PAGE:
Sen. Kirsten Gillibrand is expected to enter the presidential race today. Reportedly, she will make the announcement on Stephen Colbert’s program, and then head to Iowa to campaign.
When the Democratic field is set, Gillibrand will likely be its second phoniest member, trailing only Sen. Cory Booker. In itself, phoniness is not necessarily a drawback. Hillary Clinton and John Edwards both made the national ticket.
The real problem for Gillibrand is the presence of her female Senate colleagues, Elizabeth Warren and (presumably) Kamala Harris, in the 2020 field. What will be Gillibrand’s case for preferring her to them?
Warren has been a leader of the Democratic left for some time. She has a national following. Gillibrand lagged well behind Warren in the lefty sweepstakes until recently, and she has no national following.
Harris is a relative newcomer, but she has pushed her way to near the front of the leftist pack. She seems more charismatic than Gillibrand and she’s African-American. Thus, it’s difficult to see Gillibrand getting far running from the left.
The best niche for Gillibrand might be as a less radical alternative to Warren and Harris (as well as to males in the field, such as Sen. Bernie Sanders, if he enters). She might target, say, the less radical half of Hillary Clinton’s 2016 supporters. That’s about one-fourth of the Democratic primary vote.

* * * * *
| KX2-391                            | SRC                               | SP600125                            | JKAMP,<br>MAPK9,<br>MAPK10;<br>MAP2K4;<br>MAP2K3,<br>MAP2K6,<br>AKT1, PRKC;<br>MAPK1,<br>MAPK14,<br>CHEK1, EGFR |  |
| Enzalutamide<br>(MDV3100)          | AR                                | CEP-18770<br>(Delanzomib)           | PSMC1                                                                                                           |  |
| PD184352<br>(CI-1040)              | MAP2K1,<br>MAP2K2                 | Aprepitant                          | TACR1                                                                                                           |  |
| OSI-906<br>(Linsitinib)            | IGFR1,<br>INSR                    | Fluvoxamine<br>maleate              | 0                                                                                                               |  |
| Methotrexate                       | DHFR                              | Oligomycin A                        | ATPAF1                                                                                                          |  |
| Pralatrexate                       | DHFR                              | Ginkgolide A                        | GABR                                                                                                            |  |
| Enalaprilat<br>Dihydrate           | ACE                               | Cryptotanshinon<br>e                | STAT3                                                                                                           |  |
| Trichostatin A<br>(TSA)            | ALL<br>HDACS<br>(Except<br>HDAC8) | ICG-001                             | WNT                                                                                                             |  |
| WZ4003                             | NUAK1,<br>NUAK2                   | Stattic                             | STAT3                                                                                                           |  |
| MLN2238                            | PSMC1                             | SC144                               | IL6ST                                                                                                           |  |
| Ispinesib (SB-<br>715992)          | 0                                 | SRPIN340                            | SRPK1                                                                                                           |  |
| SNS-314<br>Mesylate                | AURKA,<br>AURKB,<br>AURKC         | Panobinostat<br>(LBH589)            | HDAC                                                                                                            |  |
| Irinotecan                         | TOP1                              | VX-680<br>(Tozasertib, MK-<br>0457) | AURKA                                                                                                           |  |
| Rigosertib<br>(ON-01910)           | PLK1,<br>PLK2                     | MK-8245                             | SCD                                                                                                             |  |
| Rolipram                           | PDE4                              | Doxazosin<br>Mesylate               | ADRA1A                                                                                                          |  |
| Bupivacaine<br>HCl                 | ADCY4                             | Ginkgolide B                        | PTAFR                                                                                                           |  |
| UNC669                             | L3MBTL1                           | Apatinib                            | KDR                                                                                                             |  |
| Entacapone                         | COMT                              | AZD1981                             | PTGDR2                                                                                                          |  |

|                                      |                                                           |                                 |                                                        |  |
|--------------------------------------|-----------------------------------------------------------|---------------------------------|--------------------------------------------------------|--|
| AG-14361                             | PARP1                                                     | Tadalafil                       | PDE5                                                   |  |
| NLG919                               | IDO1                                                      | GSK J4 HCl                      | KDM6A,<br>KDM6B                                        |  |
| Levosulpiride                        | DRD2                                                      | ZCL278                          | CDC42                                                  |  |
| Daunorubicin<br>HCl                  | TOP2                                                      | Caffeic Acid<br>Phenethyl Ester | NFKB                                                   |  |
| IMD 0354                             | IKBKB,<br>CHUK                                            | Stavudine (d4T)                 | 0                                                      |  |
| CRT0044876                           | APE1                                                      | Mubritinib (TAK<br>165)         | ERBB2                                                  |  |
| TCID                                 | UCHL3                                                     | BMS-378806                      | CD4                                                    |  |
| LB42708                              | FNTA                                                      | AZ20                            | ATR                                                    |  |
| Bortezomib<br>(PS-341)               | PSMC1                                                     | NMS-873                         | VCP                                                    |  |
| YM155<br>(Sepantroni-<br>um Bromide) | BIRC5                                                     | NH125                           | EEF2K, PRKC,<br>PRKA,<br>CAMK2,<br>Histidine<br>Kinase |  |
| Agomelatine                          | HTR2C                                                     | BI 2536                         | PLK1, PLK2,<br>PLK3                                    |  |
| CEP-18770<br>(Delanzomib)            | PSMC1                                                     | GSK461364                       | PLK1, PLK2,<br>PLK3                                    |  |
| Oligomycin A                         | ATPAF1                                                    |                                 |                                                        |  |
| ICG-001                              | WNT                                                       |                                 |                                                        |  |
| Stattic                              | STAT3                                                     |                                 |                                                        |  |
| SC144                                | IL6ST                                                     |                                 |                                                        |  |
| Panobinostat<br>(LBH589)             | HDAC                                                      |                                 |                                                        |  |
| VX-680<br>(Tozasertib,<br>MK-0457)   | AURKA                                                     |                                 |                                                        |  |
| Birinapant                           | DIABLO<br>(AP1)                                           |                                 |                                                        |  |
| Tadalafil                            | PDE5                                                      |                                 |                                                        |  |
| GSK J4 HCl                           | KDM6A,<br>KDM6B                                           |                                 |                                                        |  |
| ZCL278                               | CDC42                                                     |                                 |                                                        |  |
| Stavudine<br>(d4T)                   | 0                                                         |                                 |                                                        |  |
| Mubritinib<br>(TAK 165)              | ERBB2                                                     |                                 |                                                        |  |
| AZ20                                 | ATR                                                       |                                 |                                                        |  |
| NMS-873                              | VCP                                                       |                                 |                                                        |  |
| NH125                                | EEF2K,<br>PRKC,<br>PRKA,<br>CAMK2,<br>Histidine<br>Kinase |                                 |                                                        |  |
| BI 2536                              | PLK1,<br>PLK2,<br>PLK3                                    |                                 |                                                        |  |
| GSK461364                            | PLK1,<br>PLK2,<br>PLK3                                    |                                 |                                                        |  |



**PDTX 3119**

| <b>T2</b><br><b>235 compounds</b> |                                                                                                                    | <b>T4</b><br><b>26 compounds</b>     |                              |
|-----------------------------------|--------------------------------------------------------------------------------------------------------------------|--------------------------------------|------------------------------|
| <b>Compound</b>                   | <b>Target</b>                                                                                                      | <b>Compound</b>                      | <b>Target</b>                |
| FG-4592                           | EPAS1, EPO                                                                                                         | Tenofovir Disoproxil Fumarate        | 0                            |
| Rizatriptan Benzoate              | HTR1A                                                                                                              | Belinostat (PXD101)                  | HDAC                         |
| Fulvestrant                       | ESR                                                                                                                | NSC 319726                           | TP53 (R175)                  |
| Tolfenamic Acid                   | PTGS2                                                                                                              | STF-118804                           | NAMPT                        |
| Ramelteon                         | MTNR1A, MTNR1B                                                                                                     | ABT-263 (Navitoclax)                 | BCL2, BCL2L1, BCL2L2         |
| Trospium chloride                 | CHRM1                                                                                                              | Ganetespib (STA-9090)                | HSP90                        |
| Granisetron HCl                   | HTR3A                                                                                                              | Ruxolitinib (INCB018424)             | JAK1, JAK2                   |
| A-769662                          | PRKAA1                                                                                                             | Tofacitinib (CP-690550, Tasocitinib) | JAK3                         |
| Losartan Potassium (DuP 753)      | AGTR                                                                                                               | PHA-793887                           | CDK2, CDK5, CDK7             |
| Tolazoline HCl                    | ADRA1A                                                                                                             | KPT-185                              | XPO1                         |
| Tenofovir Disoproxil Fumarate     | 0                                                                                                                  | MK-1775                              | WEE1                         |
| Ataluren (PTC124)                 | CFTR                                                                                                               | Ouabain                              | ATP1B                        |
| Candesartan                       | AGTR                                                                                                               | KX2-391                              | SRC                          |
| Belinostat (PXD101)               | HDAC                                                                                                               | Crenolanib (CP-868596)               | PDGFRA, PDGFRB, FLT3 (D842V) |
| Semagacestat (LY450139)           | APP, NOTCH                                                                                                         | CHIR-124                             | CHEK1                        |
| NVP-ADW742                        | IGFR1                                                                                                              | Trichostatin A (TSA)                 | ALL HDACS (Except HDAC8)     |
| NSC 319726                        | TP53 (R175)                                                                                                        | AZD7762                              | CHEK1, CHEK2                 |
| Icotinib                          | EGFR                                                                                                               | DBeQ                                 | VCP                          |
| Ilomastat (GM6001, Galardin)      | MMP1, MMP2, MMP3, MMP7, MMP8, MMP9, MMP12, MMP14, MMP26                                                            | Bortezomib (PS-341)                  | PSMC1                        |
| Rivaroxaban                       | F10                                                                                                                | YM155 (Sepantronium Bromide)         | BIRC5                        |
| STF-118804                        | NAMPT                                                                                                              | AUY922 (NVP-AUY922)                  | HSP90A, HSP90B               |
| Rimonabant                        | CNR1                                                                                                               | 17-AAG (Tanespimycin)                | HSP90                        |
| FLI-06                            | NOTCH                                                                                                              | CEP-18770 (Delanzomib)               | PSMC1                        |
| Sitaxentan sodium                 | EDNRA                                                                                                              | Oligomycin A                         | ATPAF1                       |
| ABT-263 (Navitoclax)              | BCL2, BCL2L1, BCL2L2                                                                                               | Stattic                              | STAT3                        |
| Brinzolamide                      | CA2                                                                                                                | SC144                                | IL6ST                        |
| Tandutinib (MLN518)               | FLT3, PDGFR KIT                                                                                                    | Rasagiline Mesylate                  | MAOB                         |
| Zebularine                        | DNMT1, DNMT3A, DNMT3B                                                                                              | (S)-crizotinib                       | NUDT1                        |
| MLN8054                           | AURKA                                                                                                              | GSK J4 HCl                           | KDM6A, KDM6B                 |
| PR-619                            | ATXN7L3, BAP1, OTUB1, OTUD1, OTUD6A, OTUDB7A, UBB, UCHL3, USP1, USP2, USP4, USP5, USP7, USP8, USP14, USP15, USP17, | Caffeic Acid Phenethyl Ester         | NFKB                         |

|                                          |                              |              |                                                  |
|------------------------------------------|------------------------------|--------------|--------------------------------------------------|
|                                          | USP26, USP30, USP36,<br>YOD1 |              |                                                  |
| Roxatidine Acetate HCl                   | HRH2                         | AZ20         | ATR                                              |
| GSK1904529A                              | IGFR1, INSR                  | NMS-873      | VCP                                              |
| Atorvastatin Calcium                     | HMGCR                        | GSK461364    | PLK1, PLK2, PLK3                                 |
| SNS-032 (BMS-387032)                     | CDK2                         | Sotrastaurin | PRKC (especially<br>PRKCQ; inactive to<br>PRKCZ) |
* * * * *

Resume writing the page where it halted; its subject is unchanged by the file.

Gillibrand might receive aid in this endeavor from Wall Street, which seems to prefer her to Warren and Harris. Wall Street apparently sees Gillibrand’s leftism much as it saw Hillary Clinton’s — i.e., less than genuine.
But Gillebrand would probably have to tack to the center to appeal to the less radical half of Clinton’s supporters. This is true even taking into account the possibility that these voters have moved leftward during the Trump years. Another opportunist “tacking” by Gillibrand might prove one too many.
If Joe Biden enters the race, he would blow up any strategy by Gillibrand of moving back towards the center. Biden would occupy most of the niche I’ve just described.
But even if Gillibrand is able to occupy this niche, it’s a formula, perhaps, for becoming a top tier candidate, not for capturing the nomination. Hillary Clinton barely won the nomination with her entire bloc of voters. It’s difficult to see Gillibrand winning it with, say, half of that amount of support.
Might Gillibrand make the ticket as the nominee for vice president? Maybe, if she distinguishes herself on the campaign trail. The Democrats will want one female on the ticket, so any hope for Gillibrand probably rests on a male winning the presidential nomination.
A black or Latino male might be optimal, since it would relieve pressure to put a minority on the ticket. But Julian Castro is quite unlikely to win the nomination. Cory Booker may have a better chance, but would the Dems double down on (1) phonies and (2) candidates from the New Jersey/New York?
The answer to the first question is probably “why not?” The answer to the second is probably “no.”
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